Scientific reading and communication have become key components in postsecondary science education. However, undergraduates have often been found to lack motivation to engage in these tasks. The present study surveyed 2098 undergraduates and 27 biology faculty members to compare their views on the importance and time cost of eight practices in authentic inquiry. Overall, the undergraduates considered scientific reading and communication less important than other inquiry practices (e.g., data analysis), whereas the faculty members ranked reading and writing highly important. The undergraduates who ranked scientific reading and communicative practices important tended to include the purposes and functions of these practices in their explanations. In contrast, the undergraduates who ranked the practices less important expressed multiple misconceptions about the applications of reading and communication, including that they are peripheral research components; they may not affect the inquiry results; they come after experiments; they are less important than other practices; and they are unnecessary. Four inquiry perspectives were identified from the respondents, including collective equality, knowledge generation, chronological order, and time investment. These perspectives significantly impacted undergraduates' rankings on scientific reading and communication practices and six underlying perceptions.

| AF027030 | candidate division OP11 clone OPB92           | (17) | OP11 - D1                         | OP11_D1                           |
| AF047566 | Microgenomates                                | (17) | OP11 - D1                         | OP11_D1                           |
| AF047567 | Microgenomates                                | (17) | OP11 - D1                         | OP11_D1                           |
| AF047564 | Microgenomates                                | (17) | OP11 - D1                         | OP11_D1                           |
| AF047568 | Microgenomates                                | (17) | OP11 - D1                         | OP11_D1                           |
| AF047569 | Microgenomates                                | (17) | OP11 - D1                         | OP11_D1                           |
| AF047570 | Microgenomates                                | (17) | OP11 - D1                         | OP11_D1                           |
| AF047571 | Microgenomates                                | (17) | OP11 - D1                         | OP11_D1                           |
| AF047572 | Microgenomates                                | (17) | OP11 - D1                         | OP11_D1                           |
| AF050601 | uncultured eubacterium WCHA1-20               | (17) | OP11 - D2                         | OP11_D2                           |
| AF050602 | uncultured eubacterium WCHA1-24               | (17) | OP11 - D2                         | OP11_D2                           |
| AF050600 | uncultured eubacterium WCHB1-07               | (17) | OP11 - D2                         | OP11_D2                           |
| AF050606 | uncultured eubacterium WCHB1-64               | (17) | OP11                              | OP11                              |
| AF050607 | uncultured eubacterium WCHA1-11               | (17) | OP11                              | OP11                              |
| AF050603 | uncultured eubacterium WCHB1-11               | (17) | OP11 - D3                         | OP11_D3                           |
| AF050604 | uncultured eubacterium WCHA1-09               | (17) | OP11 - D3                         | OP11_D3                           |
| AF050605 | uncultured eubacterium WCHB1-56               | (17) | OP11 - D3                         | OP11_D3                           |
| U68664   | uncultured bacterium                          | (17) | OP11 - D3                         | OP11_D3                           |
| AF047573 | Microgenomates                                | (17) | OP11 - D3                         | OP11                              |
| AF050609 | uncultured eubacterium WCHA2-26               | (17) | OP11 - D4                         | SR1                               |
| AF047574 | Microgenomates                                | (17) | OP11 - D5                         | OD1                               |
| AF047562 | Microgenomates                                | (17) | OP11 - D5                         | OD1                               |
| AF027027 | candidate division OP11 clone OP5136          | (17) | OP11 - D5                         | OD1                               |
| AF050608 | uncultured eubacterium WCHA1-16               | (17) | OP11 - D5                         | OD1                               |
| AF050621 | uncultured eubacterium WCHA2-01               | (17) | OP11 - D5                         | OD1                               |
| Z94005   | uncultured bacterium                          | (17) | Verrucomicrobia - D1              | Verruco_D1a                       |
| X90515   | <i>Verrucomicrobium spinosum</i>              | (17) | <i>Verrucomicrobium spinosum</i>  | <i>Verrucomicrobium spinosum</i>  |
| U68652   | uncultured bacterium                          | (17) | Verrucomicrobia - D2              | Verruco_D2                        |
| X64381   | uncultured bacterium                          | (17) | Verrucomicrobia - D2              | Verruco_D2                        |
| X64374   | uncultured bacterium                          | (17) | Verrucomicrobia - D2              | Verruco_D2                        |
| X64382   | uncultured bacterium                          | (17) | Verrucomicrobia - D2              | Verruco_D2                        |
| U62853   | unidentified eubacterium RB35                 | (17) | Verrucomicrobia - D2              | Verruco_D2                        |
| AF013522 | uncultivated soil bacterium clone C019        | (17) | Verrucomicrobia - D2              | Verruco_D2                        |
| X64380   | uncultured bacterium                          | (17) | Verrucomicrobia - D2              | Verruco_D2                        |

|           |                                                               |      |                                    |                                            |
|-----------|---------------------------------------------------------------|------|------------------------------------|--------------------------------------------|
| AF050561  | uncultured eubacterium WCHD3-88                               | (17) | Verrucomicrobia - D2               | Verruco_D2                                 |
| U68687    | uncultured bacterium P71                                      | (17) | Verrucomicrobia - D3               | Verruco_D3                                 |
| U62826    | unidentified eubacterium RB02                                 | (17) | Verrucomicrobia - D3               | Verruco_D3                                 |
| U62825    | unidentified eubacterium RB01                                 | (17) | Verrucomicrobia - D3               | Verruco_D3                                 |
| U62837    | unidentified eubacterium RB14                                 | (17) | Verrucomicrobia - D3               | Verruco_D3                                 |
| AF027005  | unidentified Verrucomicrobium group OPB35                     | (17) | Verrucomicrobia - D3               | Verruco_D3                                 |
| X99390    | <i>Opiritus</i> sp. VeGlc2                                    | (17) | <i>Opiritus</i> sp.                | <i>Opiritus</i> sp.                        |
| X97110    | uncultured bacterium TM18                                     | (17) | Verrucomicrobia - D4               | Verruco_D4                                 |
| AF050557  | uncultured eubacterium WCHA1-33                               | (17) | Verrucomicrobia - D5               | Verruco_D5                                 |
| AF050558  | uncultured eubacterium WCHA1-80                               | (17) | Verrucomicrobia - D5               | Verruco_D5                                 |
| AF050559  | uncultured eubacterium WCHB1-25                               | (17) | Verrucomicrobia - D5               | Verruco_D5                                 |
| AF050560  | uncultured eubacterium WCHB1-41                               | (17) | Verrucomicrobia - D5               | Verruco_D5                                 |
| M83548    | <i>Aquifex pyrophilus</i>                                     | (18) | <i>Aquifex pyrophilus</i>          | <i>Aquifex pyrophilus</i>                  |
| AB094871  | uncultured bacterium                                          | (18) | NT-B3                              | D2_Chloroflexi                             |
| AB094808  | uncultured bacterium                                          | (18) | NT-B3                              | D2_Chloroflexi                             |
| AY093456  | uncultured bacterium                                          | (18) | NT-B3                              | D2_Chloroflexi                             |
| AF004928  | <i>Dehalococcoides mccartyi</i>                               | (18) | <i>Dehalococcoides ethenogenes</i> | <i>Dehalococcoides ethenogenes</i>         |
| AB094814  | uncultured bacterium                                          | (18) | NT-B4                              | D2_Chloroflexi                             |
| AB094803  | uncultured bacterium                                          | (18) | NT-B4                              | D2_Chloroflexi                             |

|Number of pages||9|
|Journal||American Biology Teacher|
|State||Published - Mar 1 2022|
Bibliographical notePublisher Copyright:
© 2022 National Association of Biology Teachers, Inc. All rights reserved.
- Authentic inquiry
- College science instruction
- Scientific reading and communication
ASJC Scopus subject areas
- Agricultural and Biological Sciences (miscellaneous)
- Agricultural and Biological Sciences (all)